8 Oct 2014

Brazilian Election 2014: Who's the next President?

After a historical misleading by the Brazilian polling Institutes, two candidates will run for the most important job title in the country – the Presidency; they are the incumbent Dilma Rousseff (PT – Worker’s Party) and Mr. Aécio Neves (PSDB – Party of Brazilian Social Democracy). Only two days before the election, Aécio Neves was polling third and the candidate of the centrist Brazilian Socialist Party (PSB), Marina Silva, a popular former environment minister, was in second, in the first round. The final result arouse suspicion about the real intention of the polling Institutes towards the candidates.

Mr. Neves duly carried São Paulo state Brazil’s biggest, by 20 percent. This state is the richest in Brazil and ‘Paulistas’ – people who were born in the city – usually cast their votes to the candidates taking into consideration the economic situation of the country as well as corruption scandals, as a whole. The same occurs to the South and Southeast region in general. On the contrary, Ms. Rousseff got more votes in the Norht and Northeast regions where the level of education is below the standards and where the social programme “Bolsa Família”, a sort of food stamp help, is widely distributed to the poor.

As for Ms. Marina Silva, which during the political debates on TVs were fiercely attacked by Dilma Rousseff, has shown some endorsement towards Aecio Neves. Hailing from a humble background, she has   credibility among some Brazilians poor - something that the PSDB, regarded as the party of the riches, has lacked. The state she has had an expressive victory is Pernambuco, coincidently the state where ex-President Lula deemed as the “Brazilian Robin Hood” was born.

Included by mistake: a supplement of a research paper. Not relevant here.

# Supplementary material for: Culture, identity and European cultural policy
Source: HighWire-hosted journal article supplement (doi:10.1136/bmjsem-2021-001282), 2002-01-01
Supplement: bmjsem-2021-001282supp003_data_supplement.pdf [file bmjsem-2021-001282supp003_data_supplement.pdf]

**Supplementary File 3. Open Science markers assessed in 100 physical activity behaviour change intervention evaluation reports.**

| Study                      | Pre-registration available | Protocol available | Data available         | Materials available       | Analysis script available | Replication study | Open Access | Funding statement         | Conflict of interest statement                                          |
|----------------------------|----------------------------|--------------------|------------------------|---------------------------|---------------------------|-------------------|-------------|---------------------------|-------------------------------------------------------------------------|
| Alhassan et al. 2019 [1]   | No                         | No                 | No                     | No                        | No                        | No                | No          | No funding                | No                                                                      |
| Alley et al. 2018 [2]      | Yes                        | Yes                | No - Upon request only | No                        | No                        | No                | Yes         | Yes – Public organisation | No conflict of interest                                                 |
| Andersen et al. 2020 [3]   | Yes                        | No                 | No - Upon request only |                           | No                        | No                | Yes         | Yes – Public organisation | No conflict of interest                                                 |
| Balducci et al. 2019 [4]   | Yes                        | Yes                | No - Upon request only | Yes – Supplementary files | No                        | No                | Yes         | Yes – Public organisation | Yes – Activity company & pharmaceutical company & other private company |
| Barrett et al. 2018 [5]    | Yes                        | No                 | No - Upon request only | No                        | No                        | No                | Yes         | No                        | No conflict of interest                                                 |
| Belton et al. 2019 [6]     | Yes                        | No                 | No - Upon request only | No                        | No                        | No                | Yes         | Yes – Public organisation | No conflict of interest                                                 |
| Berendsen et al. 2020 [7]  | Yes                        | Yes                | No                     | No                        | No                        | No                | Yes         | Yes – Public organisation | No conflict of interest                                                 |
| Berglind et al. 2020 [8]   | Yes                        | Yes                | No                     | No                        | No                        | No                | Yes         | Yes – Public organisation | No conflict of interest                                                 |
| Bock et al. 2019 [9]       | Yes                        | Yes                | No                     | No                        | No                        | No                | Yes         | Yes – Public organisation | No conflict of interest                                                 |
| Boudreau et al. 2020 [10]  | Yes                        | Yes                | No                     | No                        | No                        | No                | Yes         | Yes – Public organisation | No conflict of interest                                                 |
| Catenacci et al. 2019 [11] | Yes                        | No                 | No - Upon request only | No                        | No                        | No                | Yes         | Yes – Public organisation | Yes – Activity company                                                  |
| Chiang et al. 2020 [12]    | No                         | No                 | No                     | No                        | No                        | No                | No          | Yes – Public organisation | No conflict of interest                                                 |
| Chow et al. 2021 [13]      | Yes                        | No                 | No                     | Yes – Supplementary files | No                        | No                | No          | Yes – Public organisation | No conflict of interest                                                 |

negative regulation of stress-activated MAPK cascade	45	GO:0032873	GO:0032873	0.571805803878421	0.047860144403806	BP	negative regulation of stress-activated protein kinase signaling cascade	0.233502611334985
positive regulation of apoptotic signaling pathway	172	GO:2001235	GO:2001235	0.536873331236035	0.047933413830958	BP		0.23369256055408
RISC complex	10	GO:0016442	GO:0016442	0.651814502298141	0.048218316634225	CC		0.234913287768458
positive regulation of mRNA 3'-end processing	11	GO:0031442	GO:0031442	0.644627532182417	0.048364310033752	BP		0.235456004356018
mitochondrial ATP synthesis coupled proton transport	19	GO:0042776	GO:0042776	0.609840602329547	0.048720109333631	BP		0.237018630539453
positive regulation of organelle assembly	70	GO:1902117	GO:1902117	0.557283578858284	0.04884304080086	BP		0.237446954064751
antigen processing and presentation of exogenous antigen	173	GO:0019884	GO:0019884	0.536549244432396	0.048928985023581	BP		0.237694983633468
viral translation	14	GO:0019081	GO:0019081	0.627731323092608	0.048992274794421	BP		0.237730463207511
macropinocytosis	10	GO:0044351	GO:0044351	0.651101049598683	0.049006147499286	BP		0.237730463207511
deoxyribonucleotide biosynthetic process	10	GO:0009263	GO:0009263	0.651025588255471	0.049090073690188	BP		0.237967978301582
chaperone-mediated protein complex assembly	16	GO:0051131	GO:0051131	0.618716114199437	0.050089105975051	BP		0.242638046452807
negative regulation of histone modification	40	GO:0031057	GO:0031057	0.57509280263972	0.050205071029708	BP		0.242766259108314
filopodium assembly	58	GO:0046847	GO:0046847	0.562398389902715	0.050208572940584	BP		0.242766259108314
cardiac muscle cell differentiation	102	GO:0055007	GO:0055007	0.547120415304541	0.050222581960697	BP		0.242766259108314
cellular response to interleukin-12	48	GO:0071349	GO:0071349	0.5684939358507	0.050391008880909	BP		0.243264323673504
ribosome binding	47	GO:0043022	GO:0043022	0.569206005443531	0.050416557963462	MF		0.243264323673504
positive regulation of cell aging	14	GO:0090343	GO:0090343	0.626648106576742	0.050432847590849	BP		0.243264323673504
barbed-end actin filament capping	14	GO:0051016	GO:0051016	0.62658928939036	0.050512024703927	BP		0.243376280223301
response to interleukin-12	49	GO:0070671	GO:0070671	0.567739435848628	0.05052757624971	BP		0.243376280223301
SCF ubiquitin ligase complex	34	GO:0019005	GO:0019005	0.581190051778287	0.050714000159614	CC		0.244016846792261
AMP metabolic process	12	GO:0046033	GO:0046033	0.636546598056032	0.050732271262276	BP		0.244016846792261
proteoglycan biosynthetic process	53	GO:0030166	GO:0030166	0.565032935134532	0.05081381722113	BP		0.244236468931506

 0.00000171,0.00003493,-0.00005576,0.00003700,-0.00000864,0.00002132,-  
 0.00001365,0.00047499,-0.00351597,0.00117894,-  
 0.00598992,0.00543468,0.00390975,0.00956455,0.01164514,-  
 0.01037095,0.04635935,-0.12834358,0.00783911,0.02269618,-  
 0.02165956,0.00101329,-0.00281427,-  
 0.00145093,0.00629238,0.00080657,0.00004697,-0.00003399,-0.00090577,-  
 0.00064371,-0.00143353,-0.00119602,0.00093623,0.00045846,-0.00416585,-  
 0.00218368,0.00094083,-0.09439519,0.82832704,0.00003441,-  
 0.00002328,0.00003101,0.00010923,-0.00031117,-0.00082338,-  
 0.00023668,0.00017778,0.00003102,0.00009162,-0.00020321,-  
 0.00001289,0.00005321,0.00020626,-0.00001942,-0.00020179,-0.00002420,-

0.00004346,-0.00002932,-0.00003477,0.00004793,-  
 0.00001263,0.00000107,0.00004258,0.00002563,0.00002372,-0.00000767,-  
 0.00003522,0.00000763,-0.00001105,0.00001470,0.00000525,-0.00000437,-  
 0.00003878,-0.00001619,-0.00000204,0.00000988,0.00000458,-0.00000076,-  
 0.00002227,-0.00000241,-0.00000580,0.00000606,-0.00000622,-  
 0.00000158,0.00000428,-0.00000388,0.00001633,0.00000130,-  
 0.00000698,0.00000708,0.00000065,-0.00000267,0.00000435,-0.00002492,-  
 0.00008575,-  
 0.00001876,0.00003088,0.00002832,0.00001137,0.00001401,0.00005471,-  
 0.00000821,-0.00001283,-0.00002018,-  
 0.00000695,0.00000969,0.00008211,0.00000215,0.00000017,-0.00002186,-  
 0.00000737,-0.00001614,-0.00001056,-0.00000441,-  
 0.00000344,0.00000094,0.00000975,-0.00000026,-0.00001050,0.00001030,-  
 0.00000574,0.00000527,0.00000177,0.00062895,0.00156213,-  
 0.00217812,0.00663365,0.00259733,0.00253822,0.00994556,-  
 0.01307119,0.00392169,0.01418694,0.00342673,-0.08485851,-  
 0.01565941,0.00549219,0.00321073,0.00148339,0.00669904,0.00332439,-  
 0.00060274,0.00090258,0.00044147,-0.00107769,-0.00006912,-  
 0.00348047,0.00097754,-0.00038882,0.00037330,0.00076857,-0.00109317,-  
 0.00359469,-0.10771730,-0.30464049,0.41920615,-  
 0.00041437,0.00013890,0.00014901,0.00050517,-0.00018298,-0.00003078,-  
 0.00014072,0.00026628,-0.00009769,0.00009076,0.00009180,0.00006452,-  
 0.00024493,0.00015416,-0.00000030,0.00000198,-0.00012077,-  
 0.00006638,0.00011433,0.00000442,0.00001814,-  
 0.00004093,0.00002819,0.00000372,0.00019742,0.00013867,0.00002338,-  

Now the battle front for the Presidency is widely open. Despite having more than eight million votes more, the President Dilma Rousseff will have to face a tough run off. With Marina’s support, Aécio Neves will feel more confident in getting votes from the ‘poor’, although he will have to work thrice more in the North and Northeast of the country.

For the economy and for the country as a whole, it would be better if Aécio won this election. The current government invested too many Brazilian money in Cuba and Venezuela, leaving aside the country’s main problems as education, health, transportation and security, for example. The candidate of PSDB is promising to invest in Brazil – something that ought to be deemed as normal in other instances – and it is what Brazilians need.

As for Dilma, her government has so many scandals of corruption, that it would be far better if she left the presidency for any other candidate but her.

On 26th October is the day that Brazilians will finally go to the polls to choose their future. There are only two options: a populist government who uses food stamp to remain in power or a government that promises change in the economy to bring the country back to growth.

We must wait and see.

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